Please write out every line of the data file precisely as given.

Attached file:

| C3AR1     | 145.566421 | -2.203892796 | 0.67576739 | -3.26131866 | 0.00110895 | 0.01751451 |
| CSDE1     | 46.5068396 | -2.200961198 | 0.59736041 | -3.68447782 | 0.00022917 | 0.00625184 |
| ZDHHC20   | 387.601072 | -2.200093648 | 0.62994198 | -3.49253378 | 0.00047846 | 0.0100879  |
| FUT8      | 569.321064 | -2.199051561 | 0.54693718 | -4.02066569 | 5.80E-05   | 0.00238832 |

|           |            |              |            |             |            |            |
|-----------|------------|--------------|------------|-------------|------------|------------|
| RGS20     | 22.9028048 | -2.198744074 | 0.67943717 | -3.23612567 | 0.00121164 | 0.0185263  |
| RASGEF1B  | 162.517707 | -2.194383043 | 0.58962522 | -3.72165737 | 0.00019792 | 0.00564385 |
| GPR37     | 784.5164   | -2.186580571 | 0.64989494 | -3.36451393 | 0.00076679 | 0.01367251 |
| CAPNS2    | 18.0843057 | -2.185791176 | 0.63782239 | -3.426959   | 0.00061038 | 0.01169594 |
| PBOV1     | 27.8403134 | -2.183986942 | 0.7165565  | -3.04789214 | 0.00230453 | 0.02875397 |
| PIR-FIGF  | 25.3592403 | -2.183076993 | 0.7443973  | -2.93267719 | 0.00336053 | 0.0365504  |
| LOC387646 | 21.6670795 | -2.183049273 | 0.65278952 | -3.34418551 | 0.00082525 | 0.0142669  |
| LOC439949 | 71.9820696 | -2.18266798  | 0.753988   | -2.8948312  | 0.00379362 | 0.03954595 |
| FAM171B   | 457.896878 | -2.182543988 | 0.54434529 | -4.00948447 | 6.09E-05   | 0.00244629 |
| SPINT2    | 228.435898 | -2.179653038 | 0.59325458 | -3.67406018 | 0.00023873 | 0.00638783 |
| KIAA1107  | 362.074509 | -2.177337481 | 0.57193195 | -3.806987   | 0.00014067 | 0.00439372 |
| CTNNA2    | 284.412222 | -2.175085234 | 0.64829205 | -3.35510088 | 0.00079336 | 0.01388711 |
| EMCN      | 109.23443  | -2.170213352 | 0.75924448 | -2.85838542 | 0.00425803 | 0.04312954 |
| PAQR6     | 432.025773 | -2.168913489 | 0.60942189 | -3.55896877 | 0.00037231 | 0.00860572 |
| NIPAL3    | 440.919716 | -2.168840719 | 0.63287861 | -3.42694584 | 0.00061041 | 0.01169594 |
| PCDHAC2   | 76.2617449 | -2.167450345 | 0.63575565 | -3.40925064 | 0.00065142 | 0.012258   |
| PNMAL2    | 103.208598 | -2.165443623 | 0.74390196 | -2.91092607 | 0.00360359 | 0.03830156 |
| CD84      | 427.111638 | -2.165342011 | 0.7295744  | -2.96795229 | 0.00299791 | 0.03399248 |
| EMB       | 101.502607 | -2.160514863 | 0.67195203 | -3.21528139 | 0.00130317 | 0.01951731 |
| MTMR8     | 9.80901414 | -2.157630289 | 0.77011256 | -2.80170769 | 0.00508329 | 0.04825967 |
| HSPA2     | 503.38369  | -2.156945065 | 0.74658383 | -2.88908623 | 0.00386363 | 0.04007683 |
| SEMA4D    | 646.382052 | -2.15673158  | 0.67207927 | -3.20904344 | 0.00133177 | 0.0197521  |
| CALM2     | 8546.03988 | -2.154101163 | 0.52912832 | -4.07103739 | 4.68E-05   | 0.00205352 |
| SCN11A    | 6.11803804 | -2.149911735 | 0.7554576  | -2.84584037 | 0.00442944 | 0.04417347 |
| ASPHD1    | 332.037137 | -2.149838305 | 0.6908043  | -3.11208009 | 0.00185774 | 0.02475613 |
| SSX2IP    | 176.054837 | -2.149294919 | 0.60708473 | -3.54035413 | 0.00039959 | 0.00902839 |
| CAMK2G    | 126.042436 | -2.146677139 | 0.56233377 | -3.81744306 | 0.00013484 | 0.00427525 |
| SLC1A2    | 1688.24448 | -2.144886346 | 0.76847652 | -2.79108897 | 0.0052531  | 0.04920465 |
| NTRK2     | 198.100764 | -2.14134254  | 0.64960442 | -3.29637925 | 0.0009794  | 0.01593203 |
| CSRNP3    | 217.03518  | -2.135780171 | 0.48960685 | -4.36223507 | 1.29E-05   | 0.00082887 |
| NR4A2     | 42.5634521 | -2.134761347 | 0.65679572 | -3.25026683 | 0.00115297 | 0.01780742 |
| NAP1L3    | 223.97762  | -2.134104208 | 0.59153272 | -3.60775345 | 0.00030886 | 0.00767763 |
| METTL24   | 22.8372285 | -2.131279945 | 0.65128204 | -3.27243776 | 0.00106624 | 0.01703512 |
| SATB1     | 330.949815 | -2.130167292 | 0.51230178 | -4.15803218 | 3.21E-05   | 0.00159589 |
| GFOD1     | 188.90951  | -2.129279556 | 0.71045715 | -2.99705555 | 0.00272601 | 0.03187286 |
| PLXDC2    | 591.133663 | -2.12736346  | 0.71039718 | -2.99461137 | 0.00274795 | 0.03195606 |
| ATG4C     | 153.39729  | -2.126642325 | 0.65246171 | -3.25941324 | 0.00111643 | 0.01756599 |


| C3AR1     | 145.566421 | -2.203892796 | 0.67576739 | -3.26131866 | 0.00110895 | 0.01751451 |
| CSDE1     | 46.5068396 | -2.200961198 | 0.59736041 | -3.68447782 | 0.00022917 | 0.00625184 |
| ZDHHC20   | 387.601072 | -2.200093648 | 0.62994198 | -3.49253378 | 0.00047846 | 0.0100879  |
| FUT8      | 569.321064 | -2.199051561 | 0.54693718 | -4.02066569 | 5.80E-05   | 0.00238832 |

|           |            |              |            |             |            |            |
|-----------|------------|--------------|------------|-------------|------------|------------|
| RGS20     | 22.9028048 | -2.198744074 | 0.67943717 | -3.23612567 | 0.00121164 | 0.0185263  |
| RASGEF1B  | 162.517707 | -2.194383043 | 0.58962522 | -3.72165737 | 0.00019792 | 0.00564385 |
| GPR37     | 784.5164   | -2.186580571 | 0.64989494 | -3.36451393 | 0.00076679 | 0.01367251 |
| CAPNS2    | 18.0843057 | -2.185791176 | 0.63782239 | -3.426959   | 0.00061038 | 0.01169594 |
| PBOV1     | 27.8403134 | -2.183986942 | 0.7165565  | -3.04789214 | 0.00230453 | 0.02875397 |
| PIR-FIGF  | 25.3592403 | -2.183076993 | 0.7443973  | -2.93267719 | 0.00336053 | 0.0365504  |
| LOC387646 | 21.6670795 | -2.183049273 | 0.65278952 | -3.34418551 | 0.00082525 | 0.0142669  |
| LOC439949 | 71.9820696 | -2.18266798  | 0.753988   | -2.8948312  | 0.00379362 | 0.03954595 |
| FAM171B   | 457.896878 | -2.182543988 | 0.54434529 | -4.00948447 | 6.09E-05   | 0.00244629 |
| SPINT2    | 228.435898 | -2.179653038 | 0.59325458 | -3.67406018 | 0.00023873 | 0.00638783 |
| KIAA1107  | 362.074509 | -2.177337481 | 0.57193195 | -3.806987   | 0.00014067 | 0.00439372 |
| CTNNA2    | 284.412222 | -2.175085234 | 0.64829205 | -3.35510088 | 0.00079336 | 0.01388711 |
| EMCN      | 109.23443  | -2.170213352 | 0.75924448 | -2.85838542 | 0.00425803 | 0.04312954 |
| PAQR6     | 432.025773 | -2.168913489 | 0.60942189 | -3.55896877 | 0.00037231 | 0.00860572 |
| NIPAL3    | 440.919716 | -2.168840719 | 0.63287861 | -3.42694584 | 0.00061041 | 0.01169594 |
| PCDHAC2   | 76.2617449 | -2.167450345 | 0.63575565 | -3.40925064 | 0.00065142 | 0.012258   |
| PNMAL2    | 103.208598 | -2.165443623 | 0.74390196 | -2.91092607 | 0.00360359 | 0.03830156 |
| CD84      | 427.111638 | -2.165342011 | 0.7295744  | -2.96795229 | 0.00299791 | 0.03399248 |
| EMB       | 101.502607 | -2.160514863 | 0.67195203 | -3.21528139 | 0.00130317 | 0.01951731 |
| MTMR8     | 9.80901414 | -2.157630289 | 0.77011256 | -2.80170769 | 0.00508329 | 0.04825967 |
| HSPA2     | 503.38369  | -2.156945065 | 0.74658383 | -2.88908623 | 0.00386363 | 0.04007683 |
| SEMA4D    | 646.382052 | -2.15673158  | 0.67207927 | -3.20904344 | 0.00133177 | 0.0197521  |
| CALM2     | 8546.03988 | -2.154101163 | 0.52912832 | -4.07103739 | 4.68E-05   | 0.00205352 |
| SCN11A    | 6.11803804 | -2.149911735 | 0.7554576  | -2.84584037 | 0.00442944 | 0.04417347 |
| ASPHD1    | 332.037137 | -2.149838305 | 0.6908043  | -3.11208009 | 0.00185774 | 0.02475613 |
| SSX2IP    | 176.054837 | -2.149294919 | 0.60708473 | -3.54035413 | 0.00039959 | 0.00902839 |
| CAMK2G    | 126.042436 | -2.146677139 | 0.56233377 | -3.81744306 | 0.00013484 | 0.00427525 |
| SLC1A2    | 1688.24448 | -2.144886346 | 0.76847652 | -2.79108897 | 0.0052531  | 0.04920465 |
| NTRK2     | 198.100764 | -2.14134254  | 0.64960442 | -3.29637925 | 0.0009794  | 0.01593203 |
| CSRNP3    | 217.03518  | -2.135780171 | 0.48960685 | -4.36223507 | 1.29E-05   | 0.00082887 |
| NR4A2     | 42.5634521 | -2.134761347 | 0.65679572 | -3.25026683 | 0.00115297 | 0.01780742 |
| NAP1L3    | 223.97762  | -2.134104208 | 0.59153272 | -3.60775345 | 0.00030886 | 0.00767763 |
| METTL24   | 22.8372285 | -2.131279945 | 0.65128204 | -3.27243776 | 0.00106624 | 0.01703512 |
| SATB1     | 330.949815 | -2.130167292 | 0.51230178 | -4.15803218 | 3.21E-05   | 0.00159589 |
| GFOD1     | 188.90951  | -2.129279556 | 0.71045715 | -2.99705555 | 0.00272601 | 0.03187286 |
| PLXDC2    | 591.133663 | -2.12736346  | 0.71039718 | -2.99461137 | 0.00274795 | 0.03195606 |
| ATG4C     | 153.39729  | -2.126642325 | 0.65246171 | -3.25941324 | 0.00111643 | 0.01756599 |